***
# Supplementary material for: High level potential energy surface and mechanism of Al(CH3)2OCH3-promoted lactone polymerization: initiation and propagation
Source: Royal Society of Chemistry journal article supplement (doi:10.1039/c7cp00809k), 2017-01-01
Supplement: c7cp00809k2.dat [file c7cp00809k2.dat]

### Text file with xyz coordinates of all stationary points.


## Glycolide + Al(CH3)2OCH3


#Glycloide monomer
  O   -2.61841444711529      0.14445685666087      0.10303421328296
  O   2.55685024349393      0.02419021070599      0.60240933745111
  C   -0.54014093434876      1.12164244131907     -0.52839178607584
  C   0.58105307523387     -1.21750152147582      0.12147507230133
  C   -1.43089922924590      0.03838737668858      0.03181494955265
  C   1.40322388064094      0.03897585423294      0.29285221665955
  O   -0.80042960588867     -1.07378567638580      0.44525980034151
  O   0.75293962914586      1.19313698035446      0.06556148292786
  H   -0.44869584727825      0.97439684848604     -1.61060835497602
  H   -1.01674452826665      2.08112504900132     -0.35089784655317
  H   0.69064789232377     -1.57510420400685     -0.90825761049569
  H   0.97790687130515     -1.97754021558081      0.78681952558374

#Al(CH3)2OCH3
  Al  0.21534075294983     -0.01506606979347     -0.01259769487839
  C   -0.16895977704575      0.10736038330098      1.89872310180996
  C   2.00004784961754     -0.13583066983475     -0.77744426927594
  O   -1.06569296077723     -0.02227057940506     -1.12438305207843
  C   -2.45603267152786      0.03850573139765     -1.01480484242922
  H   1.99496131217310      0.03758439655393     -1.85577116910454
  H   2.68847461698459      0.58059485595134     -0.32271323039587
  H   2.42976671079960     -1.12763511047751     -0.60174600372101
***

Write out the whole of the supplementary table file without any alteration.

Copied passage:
# Supplementary material for: High level potential energy surface and mechanism of Al(CH3)2OCH3-promoted lactone polymerization: initiation and propagation
Source: Royal Society of Chemistry journal article supplement (doi:10.1039/c7cp00809k), 2017-01-01
Supplement: c7cp00809k2.dat [file c7cp00809k2.dat]

### Text file with xyz coordinates of all stationary points.


## Glycolide + Al(CH3)2OCH3


#Glycloide monomer
  O   -2.61841444711529      0.14445685666087      0.10303421328296
  O   2.55685024349393      0.02419021070599      0.60240933745111
  C   -0.54014093434876      1.12164244131907     -0.52839178607584
  C   0.58105307523387     -1.21750152147582      0.12147507230133
  C   -1.43089922924590      0.03838737668858      0.03181494955265
  C   1.40322388064094      0.03897585423294      0.29285221665955
  O   -0.80042960588867     -1.07378567638580      0.44525980034151
  O   0.75293962914586      1.19313698035446      0.06556148292786
  H   -0.44869584727825      0.97439684848604     -1.61060835497602
  H   -1.01674452826665      2.08112504900132     -0.35089784655317
  H   0.69064789232377     -1.57510420400685     -0.90825761049569
  H   0.97790687130515     -1.97754021558081      0.78681952558374

#Al(CH3)2OCH3
  Al  0.21534075294983     -0.01506606979347     -0.01259769487839
  C   -0.16895977704575      0.10736038330098      1.89872310180996
  C   2.00004784961754     -0.13583066983475     -0.77744426927594
  O   -1.06569296077723     -0.02227057940506     -1.12438305207843
  C   -2.45603267152786      0.03850573139765     -1.01480484242922
  H   1.99496131217310      0.03758439655393     -1.85577116910454
  H   2.68847461698459      0.58059485595134     -0.32271323039587
  H   2.42976671079960     -1.12763511047751     -0.60174600372101